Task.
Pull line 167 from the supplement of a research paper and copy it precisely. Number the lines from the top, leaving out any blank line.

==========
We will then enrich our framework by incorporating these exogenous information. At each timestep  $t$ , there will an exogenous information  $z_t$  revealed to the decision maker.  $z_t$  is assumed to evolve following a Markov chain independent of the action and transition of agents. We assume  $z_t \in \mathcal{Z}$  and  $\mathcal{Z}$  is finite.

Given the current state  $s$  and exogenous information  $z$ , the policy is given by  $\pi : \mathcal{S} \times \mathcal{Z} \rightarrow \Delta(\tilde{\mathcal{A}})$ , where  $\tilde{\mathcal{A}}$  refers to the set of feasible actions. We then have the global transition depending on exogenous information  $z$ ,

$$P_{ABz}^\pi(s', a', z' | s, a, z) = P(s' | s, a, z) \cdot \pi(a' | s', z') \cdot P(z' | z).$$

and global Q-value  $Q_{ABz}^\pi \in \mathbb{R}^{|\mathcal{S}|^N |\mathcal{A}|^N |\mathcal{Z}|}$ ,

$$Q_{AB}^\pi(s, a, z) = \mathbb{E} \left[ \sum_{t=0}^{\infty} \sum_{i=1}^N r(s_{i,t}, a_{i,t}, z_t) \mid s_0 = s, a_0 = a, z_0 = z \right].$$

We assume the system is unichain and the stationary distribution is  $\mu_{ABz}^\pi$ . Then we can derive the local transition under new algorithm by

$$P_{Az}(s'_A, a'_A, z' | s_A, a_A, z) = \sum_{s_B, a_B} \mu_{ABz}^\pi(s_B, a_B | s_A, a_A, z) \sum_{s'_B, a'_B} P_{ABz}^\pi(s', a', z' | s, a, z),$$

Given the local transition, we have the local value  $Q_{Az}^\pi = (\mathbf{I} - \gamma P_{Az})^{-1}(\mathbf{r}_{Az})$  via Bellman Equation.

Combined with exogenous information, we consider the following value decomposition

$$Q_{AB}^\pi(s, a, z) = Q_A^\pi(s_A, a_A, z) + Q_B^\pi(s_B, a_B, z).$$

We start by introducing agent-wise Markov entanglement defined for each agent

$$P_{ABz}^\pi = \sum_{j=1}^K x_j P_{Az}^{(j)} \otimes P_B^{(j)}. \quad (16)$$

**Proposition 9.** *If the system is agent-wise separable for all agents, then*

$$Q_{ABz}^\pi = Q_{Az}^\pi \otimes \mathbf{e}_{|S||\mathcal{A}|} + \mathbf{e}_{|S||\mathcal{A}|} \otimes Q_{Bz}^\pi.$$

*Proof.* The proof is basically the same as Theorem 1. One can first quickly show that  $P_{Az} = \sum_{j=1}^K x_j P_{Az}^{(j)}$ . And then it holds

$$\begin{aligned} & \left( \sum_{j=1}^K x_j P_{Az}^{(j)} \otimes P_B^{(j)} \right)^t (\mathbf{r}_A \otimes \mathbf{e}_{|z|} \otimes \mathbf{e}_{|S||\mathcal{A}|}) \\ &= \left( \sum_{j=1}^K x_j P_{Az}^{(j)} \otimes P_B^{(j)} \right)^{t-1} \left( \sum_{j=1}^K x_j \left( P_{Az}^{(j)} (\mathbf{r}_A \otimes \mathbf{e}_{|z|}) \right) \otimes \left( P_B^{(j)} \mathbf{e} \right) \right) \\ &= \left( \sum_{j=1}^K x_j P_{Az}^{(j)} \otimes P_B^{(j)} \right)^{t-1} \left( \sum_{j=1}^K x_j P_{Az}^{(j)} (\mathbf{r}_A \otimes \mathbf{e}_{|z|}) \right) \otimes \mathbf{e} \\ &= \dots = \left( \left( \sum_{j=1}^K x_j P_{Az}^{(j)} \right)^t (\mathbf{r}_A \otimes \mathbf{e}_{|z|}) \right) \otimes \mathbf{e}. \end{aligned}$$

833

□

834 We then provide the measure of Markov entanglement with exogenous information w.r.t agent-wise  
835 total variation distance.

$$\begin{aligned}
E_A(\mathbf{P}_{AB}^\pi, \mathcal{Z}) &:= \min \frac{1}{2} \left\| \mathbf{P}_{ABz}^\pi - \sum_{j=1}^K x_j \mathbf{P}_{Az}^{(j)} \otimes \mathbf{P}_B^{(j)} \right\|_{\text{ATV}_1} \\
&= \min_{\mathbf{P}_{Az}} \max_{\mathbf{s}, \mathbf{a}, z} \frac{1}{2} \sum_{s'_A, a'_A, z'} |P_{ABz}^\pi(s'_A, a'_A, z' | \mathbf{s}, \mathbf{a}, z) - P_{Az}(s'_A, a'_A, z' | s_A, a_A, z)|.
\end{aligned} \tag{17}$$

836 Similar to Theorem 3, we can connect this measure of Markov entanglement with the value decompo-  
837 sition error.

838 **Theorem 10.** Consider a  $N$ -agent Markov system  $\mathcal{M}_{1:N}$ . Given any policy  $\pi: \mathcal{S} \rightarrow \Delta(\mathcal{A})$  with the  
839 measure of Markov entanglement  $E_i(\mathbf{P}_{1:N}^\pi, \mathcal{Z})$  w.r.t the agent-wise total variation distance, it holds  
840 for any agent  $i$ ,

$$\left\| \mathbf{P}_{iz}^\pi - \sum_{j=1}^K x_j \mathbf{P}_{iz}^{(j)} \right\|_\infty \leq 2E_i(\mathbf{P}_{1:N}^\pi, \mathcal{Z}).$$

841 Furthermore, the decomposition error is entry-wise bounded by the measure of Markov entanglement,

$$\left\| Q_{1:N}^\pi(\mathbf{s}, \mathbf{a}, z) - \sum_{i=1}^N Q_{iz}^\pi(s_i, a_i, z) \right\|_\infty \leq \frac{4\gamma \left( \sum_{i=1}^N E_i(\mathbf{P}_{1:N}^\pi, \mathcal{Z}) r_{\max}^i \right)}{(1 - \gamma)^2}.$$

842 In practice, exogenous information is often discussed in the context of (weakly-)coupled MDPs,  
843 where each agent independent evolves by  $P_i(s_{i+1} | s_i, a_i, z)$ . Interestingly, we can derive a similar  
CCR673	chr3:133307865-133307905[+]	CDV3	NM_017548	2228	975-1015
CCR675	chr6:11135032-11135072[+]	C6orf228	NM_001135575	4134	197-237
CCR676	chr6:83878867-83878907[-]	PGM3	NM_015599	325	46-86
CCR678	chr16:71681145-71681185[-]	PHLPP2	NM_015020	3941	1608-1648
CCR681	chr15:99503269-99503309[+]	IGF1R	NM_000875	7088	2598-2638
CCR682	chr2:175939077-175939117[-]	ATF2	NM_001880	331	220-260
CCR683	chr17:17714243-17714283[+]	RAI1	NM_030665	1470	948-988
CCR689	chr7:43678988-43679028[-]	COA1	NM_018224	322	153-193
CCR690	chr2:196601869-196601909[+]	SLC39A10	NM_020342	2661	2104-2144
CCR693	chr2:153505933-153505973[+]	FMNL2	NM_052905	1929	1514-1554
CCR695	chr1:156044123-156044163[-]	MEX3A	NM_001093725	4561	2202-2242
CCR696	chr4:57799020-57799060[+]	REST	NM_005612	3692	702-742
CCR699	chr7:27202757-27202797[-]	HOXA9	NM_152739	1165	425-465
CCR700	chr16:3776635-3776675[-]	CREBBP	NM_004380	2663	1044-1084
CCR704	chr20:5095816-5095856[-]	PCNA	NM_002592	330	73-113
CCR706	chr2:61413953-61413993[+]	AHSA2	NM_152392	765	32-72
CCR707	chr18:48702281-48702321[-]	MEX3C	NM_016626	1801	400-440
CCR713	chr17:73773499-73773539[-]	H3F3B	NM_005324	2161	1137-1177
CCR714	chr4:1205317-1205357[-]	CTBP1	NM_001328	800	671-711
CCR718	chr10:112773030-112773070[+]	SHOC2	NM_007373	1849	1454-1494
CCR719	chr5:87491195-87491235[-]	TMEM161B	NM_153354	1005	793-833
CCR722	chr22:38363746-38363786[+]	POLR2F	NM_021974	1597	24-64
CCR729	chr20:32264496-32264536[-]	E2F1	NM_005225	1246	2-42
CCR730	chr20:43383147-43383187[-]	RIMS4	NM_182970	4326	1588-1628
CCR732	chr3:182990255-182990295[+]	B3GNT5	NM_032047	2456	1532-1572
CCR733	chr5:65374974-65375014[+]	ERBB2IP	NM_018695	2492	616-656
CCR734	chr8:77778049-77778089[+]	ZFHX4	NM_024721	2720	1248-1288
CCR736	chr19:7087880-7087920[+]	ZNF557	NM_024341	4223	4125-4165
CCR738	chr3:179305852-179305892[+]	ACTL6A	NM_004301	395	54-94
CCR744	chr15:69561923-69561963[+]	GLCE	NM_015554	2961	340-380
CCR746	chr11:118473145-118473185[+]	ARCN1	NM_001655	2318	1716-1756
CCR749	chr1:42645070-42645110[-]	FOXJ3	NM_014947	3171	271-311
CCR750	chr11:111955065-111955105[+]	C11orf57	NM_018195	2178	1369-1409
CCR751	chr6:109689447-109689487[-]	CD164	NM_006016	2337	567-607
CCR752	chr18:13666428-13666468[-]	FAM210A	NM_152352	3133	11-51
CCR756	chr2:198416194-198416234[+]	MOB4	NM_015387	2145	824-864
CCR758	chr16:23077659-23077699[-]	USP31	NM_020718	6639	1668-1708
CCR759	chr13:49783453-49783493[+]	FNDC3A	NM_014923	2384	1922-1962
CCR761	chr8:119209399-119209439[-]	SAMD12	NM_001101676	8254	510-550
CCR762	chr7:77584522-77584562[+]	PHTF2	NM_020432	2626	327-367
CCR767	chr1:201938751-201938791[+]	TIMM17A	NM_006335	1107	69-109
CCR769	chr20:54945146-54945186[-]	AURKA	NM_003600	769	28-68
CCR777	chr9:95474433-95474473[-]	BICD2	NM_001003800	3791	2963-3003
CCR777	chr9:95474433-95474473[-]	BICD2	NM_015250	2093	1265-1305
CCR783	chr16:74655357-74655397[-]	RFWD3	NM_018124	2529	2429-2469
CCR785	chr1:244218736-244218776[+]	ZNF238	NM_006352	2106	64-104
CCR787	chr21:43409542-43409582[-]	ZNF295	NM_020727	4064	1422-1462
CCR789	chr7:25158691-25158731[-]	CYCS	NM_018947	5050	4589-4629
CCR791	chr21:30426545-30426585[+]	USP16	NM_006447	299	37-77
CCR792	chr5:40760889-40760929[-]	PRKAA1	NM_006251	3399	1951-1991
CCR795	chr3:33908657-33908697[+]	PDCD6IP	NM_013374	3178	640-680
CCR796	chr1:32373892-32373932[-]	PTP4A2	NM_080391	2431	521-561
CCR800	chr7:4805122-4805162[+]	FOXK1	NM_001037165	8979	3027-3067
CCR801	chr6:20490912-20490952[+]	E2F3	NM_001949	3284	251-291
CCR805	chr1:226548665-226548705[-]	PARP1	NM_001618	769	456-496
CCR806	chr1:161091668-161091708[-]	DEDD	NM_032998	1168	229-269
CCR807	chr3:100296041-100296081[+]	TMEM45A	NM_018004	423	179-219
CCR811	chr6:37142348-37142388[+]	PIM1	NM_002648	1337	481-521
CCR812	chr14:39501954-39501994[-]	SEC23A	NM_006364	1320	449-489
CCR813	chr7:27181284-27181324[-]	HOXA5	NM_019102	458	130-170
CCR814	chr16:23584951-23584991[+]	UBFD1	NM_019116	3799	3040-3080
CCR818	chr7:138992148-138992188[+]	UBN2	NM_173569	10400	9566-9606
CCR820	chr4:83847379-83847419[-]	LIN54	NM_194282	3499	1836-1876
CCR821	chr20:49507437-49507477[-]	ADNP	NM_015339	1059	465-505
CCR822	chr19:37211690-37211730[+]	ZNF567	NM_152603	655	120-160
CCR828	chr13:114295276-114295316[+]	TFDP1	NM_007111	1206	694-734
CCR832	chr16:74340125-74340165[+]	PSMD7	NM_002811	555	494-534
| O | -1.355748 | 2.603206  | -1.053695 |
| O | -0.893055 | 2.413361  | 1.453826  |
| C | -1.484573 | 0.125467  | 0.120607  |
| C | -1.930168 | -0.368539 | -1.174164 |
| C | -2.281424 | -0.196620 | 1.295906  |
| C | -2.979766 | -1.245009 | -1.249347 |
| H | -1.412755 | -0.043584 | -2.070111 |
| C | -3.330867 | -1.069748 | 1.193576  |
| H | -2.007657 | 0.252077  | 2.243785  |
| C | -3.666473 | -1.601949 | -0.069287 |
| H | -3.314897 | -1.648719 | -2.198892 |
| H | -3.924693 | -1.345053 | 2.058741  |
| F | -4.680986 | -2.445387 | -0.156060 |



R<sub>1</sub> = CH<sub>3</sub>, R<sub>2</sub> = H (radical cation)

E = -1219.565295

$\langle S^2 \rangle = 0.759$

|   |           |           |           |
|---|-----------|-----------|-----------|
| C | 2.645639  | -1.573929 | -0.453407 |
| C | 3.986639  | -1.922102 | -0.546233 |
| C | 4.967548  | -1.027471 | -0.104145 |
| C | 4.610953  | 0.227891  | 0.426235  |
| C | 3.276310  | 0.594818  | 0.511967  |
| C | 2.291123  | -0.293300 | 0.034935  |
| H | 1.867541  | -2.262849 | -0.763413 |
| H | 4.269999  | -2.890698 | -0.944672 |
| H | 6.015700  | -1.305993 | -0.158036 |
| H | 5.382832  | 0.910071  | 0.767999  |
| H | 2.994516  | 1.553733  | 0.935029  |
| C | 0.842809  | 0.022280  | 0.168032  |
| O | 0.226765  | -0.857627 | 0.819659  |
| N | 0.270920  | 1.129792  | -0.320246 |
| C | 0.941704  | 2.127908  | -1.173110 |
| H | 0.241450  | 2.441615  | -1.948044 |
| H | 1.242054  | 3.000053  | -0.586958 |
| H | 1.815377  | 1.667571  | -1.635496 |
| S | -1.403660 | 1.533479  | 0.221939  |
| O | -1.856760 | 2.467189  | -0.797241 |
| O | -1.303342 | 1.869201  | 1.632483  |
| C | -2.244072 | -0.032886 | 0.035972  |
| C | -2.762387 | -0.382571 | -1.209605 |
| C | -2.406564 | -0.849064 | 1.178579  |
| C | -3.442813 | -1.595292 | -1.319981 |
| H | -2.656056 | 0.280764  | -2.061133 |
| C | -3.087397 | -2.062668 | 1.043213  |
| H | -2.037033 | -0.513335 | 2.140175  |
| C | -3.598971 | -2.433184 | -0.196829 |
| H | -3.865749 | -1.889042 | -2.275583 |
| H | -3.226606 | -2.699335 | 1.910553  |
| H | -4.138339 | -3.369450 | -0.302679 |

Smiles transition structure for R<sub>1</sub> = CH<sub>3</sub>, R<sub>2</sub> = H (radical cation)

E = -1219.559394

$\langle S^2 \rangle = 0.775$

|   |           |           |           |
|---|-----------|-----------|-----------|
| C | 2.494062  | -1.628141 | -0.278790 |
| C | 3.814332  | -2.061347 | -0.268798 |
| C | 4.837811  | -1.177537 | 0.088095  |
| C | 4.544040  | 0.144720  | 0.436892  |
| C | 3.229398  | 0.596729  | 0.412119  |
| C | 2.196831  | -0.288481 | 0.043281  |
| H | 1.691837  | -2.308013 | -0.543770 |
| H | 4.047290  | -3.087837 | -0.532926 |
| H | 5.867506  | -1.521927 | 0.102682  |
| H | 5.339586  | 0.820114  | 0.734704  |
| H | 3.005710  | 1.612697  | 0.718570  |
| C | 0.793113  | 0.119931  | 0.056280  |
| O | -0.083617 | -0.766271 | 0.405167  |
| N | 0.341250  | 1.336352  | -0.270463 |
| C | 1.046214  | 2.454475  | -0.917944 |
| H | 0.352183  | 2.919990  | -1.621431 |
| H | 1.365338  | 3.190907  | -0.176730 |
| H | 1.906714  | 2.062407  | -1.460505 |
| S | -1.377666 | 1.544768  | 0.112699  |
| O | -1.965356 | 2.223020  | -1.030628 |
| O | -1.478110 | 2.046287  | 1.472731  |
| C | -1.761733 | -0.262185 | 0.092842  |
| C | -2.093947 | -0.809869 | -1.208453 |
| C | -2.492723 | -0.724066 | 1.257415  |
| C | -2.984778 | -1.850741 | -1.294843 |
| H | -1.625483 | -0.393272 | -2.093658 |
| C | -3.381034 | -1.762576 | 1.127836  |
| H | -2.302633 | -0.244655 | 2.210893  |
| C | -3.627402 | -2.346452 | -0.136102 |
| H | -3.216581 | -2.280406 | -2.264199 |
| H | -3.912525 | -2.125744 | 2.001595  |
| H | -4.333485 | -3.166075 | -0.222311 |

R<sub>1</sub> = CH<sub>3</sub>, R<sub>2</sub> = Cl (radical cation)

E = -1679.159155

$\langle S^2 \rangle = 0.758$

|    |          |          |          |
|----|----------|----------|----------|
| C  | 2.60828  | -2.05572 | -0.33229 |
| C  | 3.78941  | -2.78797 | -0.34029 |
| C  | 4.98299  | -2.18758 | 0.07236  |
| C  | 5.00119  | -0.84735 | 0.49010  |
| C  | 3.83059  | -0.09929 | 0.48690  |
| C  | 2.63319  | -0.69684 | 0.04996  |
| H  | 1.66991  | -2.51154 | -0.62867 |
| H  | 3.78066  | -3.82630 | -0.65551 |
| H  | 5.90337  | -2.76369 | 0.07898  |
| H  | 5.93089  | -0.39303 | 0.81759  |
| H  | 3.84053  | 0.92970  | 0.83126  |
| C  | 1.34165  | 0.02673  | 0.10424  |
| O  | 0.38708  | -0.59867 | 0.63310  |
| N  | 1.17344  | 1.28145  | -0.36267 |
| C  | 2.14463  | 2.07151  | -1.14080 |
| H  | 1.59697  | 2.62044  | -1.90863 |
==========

| H | 3.005710  | 1.612697  | 0.718570  |